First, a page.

LT is doing his famous Christmas Card Audit, so I’ve removed the one I’d been using as a bookmark and put a receipt in its place.
When I used to work at Lowestoft Library, back in the 70s – the old library in Suffolk Road, that is, not the present one in Clapham Road – we used to find all sorts of things used as bookmarks. I was never sure which were wild exaggerations or entirely made up, but one of the older members of staff assured us she’d once found a kipper and another laid claim to a rasher of bacon: whether raw or cooked wasn’t part of the story. The worst thing I ever found was a suppository wrapper, which is hardly enough to make into an anecdote.
In those days, the borrowers’ name tickets weren’t generally used and coloured plastic tokens were handed out instead in exchange for the returned books. The borrower gave them back on taking out the new books. Twice a year, we spent several weeks checking everyone’s tickets, which was a laborious job. Someone brought his books back, we asked his name, looked in the file for his tickets, kept in a little pouch, gave them to him, he went to choose his books and we stamped them in a different colour ink, so that we’d know not to ask again next time (when they’d be given that colour token), and put the tickets with their pouch back in a different file, to show they’d been checked. Books could be borrowed for three weeks so, after a month, most people had been checked out. If they didn’t want to borrow books that day, they were supposed to ask for their tickets anyway, so we checked through all the pouches and transferred empty ones. In due course, after a few more weeks, those people who hadn’t brought books back were contacted, to be reminded that the fines were building up. Huge queues used to build up when these checks were being done, which showed why we didn’t check names all the time, as some smaller libraries did.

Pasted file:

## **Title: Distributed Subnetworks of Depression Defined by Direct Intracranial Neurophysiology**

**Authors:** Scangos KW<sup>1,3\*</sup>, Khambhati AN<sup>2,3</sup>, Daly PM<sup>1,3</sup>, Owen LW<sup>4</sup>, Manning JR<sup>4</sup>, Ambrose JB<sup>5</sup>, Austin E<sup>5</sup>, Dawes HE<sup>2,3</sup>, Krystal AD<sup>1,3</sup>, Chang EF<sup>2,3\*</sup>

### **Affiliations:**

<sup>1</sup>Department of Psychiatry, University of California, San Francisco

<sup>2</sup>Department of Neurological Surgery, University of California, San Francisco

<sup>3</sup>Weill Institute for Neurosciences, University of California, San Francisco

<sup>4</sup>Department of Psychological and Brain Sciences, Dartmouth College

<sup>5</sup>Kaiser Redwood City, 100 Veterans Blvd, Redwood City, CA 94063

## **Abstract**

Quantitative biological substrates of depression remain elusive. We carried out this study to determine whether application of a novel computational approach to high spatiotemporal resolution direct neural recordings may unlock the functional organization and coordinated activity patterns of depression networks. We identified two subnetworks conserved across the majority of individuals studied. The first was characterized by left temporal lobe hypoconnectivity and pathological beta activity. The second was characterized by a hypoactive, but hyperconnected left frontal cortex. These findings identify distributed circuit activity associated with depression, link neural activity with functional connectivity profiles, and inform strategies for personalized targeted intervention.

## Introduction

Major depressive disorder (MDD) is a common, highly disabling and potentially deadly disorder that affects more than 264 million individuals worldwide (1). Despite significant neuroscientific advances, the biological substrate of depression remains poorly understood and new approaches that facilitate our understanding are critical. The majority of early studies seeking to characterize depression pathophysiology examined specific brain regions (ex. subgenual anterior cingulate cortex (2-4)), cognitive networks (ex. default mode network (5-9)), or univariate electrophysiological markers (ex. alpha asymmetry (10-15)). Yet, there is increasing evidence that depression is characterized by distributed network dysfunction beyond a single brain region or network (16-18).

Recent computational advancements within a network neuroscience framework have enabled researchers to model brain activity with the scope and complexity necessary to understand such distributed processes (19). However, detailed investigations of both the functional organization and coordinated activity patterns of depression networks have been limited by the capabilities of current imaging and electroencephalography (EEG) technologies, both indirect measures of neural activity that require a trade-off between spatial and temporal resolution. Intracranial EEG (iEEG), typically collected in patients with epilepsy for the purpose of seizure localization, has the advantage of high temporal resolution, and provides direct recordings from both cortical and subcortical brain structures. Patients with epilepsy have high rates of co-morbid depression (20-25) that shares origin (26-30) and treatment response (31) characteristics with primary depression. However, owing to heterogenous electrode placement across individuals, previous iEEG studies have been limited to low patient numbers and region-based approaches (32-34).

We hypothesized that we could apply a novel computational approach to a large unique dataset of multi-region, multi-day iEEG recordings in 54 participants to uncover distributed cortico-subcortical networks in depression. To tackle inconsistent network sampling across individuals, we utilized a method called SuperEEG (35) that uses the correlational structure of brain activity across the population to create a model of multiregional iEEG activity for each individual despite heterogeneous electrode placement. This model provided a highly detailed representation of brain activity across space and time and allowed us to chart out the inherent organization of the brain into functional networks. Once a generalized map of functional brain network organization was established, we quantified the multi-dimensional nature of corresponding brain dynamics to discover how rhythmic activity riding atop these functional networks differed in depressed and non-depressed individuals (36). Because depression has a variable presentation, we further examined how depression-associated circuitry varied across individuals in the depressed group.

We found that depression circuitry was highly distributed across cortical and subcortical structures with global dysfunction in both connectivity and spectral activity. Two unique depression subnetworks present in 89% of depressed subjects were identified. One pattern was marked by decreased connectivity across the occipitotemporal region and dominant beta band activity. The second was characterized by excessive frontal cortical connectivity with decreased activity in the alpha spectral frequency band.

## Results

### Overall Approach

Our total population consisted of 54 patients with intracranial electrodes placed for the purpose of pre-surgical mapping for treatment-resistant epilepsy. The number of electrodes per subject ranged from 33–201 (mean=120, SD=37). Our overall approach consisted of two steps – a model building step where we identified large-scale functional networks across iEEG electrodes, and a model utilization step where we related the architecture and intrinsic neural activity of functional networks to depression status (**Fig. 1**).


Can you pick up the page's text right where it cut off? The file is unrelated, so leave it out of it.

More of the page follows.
I had a number of favourite customers, though I rarely knew their names – if I happened to be told it once every six months at most, that wasn’t too easy to remember. On the few occasions I did, however, the pleasure at being remembered was a delight and it spurred me on to try to remember more names.
I started it as a Saturday job when I was at school, sixteen years old. We worked from 8.45 to 5.30 with a 15 minute break morning and afternoon and an hour for lunch, which was taken in two shifts. We received paid Bank Holidays (the library was closed on the Saturday before a Bank Holiday Monday) and two weeks paid holiday a year. And we got the Civil Service increment annually and the youngest members of staff got an age-related increase every year too. Though, when I started, I got about a pound a day, we’re not talking big bucks here. All the same, I was obsessed with books and reading and it was my dream job.